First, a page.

As a society we are surely addicted to the technology around us. Watching people walking, eating, driving etc. with their smartphones is an epidemic, but a way of life today. Few people can function in a normal day without checking something on the internet. We are driving “smart” cars and soon they will drive themselves. Getting back to dentistry, Dr. Drill and Fill is no longer acceptable to the profession and the public. Digital diagnosis is helping set up minimally invasive, preventive and even remineralization procedures which are saving tooth enamel. Better tools and chemistry are changing the landscape of what we as dental practitioners do. New restorative materials are not only filling holes, but rebuilding some of the lost enamel. 3D imaging gives us information we never had access to before. Digital impressions and digital lab procedures have increased accuracy as well as allowing the use of stronger and more aesthetic restorations. In this case some of the costs are being reduced (once the costly infrastructure is purchased). The cost of setting up a new “digital office” is surely far above the year’s past equipment. It is not limited to the devices- the dental chairs, lights and other standard devices have new technology embedded and surely cost more than a foot pumped Ritter. The costs will stabilize and perhaps drop as the core technologies are more efficient and less expensive, along with international competition.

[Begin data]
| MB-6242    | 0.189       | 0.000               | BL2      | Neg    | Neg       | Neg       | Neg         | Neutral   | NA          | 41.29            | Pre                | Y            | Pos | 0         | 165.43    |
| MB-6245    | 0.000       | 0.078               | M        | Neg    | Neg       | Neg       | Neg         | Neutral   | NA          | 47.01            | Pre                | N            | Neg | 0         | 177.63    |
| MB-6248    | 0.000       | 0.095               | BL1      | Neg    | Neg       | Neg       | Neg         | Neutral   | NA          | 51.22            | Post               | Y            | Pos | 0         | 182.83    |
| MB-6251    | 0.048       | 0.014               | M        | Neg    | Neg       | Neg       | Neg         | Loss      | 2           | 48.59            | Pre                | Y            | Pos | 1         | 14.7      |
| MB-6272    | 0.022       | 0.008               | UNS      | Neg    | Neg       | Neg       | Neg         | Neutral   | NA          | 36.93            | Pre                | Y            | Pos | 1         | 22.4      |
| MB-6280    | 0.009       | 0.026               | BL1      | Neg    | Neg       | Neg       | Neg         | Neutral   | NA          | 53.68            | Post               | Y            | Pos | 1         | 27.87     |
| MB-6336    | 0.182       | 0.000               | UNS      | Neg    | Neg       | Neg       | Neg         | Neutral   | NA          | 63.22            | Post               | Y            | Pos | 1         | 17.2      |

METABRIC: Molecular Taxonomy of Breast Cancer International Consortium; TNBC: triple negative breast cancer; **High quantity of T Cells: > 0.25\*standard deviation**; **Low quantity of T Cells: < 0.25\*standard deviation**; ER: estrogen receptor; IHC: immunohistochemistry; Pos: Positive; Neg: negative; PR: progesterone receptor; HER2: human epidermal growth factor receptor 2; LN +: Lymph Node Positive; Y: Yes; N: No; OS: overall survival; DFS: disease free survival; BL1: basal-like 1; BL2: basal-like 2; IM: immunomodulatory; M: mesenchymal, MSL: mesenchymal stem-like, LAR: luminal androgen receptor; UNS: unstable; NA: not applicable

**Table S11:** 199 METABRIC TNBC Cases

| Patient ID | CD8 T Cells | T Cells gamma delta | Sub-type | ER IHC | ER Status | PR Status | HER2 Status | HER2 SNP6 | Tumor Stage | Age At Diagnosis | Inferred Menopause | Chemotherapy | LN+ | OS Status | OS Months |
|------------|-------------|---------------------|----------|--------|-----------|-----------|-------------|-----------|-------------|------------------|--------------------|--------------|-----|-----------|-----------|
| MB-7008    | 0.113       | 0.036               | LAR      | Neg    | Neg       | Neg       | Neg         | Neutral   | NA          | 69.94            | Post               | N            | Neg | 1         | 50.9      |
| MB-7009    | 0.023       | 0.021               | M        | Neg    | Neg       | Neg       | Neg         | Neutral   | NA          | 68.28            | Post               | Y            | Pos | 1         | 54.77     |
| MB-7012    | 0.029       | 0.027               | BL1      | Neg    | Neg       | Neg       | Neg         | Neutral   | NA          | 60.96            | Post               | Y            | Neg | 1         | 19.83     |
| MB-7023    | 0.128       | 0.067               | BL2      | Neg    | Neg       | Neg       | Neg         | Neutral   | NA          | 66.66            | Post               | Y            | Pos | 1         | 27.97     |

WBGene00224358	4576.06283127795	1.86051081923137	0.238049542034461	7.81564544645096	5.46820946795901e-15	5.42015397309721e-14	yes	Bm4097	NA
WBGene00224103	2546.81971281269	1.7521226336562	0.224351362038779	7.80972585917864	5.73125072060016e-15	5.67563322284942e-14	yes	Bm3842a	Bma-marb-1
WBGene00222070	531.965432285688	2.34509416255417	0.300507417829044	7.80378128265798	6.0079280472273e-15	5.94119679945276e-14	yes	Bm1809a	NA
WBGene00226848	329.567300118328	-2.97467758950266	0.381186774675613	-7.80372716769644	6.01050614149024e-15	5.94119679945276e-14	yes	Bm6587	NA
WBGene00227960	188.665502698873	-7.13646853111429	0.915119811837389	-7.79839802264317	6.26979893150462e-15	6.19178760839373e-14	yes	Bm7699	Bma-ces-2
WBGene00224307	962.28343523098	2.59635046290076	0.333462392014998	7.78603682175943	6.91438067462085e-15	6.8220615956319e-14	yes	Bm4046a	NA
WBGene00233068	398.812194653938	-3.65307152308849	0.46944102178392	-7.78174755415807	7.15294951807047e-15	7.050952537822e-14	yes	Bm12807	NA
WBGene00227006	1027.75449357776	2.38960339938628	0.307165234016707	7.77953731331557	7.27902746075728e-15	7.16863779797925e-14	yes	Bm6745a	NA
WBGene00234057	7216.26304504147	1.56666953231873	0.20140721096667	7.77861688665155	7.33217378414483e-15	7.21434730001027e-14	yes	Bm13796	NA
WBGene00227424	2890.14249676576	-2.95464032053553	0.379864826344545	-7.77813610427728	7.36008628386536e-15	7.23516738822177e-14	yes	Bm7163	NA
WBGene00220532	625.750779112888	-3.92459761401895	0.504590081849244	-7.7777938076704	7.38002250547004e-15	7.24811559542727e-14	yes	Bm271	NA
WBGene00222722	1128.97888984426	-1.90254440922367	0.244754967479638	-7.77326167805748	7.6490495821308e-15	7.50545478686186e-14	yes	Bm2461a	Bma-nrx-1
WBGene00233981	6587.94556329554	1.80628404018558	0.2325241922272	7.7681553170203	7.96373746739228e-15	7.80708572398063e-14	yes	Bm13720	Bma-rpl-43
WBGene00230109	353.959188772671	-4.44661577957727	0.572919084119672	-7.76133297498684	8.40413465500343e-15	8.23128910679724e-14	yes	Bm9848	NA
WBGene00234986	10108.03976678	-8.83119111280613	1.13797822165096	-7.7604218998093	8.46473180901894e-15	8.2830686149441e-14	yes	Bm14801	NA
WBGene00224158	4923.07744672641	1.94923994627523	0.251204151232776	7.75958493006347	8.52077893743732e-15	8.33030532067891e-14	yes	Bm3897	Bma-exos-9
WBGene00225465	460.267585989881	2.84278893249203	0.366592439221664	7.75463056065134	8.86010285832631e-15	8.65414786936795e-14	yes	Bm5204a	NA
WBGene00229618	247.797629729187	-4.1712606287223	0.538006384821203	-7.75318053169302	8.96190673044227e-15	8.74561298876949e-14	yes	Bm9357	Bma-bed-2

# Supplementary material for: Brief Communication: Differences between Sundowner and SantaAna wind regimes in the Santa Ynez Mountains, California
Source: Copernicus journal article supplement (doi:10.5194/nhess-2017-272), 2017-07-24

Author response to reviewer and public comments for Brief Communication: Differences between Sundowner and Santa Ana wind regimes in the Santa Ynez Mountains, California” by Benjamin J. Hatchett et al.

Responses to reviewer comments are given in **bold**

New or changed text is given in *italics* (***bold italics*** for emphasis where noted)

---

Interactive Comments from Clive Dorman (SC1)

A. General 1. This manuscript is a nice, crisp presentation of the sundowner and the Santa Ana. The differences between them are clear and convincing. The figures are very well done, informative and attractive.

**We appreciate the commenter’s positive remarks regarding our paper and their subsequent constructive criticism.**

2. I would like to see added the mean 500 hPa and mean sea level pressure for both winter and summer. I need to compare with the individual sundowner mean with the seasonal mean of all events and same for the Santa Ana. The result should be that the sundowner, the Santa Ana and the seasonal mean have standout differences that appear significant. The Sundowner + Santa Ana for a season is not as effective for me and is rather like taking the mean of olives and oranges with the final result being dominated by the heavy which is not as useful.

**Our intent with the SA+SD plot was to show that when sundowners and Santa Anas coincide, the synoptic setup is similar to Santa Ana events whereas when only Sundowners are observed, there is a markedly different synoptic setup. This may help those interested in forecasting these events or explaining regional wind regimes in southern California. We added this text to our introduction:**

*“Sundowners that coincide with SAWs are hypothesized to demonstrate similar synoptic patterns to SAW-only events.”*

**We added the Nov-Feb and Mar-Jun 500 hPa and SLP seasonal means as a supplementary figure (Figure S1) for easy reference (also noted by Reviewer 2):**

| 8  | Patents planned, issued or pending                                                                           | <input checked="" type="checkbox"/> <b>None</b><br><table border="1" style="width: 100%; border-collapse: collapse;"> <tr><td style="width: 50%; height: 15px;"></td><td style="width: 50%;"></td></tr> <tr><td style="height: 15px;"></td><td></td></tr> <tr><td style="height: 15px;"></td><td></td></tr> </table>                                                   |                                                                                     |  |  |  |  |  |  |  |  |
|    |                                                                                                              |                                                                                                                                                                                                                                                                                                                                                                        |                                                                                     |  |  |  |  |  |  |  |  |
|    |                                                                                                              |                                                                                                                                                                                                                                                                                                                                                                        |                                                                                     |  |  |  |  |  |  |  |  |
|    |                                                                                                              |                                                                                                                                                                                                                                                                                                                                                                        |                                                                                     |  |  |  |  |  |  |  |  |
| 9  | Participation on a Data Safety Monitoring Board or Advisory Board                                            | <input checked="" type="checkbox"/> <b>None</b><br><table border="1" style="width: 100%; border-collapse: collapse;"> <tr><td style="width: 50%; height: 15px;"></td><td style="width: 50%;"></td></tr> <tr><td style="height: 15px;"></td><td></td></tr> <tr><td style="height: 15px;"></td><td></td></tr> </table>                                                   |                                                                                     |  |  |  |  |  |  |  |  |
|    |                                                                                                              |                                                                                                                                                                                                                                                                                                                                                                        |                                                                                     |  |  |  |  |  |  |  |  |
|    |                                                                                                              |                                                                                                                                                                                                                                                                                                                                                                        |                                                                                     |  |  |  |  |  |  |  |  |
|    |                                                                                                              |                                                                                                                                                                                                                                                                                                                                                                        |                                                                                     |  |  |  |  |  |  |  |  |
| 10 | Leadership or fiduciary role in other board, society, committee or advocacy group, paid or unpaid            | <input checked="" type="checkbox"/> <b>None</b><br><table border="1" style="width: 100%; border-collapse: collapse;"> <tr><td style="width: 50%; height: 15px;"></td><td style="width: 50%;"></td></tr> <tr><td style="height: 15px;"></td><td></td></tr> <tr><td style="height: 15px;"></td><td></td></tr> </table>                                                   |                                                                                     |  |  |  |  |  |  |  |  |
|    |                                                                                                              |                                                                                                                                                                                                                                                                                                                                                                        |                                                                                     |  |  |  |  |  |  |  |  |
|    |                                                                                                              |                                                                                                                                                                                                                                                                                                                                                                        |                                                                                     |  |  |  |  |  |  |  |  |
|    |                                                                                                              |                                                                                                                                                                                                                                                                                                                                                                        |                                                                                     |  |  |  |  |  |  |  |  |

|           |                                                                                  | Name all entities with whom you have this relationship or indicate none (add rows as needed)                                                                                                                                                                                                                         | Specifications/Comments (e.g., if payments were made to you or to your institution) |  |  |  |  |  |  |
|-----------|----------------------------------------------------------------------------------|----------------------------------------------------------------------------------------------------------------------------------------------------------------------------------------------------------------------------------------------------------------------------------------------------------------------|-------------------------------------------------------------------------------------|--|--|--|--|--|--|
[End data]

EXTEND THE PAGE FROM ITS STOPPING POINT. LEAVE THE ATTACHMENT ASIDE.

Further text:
Can a company outsmart itself or price itself out of the game?
Certainly there are more luxurious products available to us. Dental equipment can be likened to automobiles. You can have all sorts of peripheral processes but a decent car will get you to where you want to go. There are offices that cater to a higher profile and income individuals or might want to attract them, and might construct a magnificent office. The truth is though that no matter who the patient is, once in the dental chair the goal is excellent treatment so some of these frills become superfluous. The marketplace will determine who survives. Dentistry is a small vertical market and some of the higher end companies realize that there may not be enough buyers to support them, or may have to raise the prices to make up the minimal volume. Over the years large manufacturers have come into dentistry with unique high priced products only to pull out of the marketplace for the reasons just noted. A simple example was a well-known international camera manufacturer who created a magnificent device to determine the shade of a tooth. There was a spectrophotometer which created a tooth color map as well as a photo that the lab technician could follow. The product retailed for over $6,000. They dropped it after about a year and a half.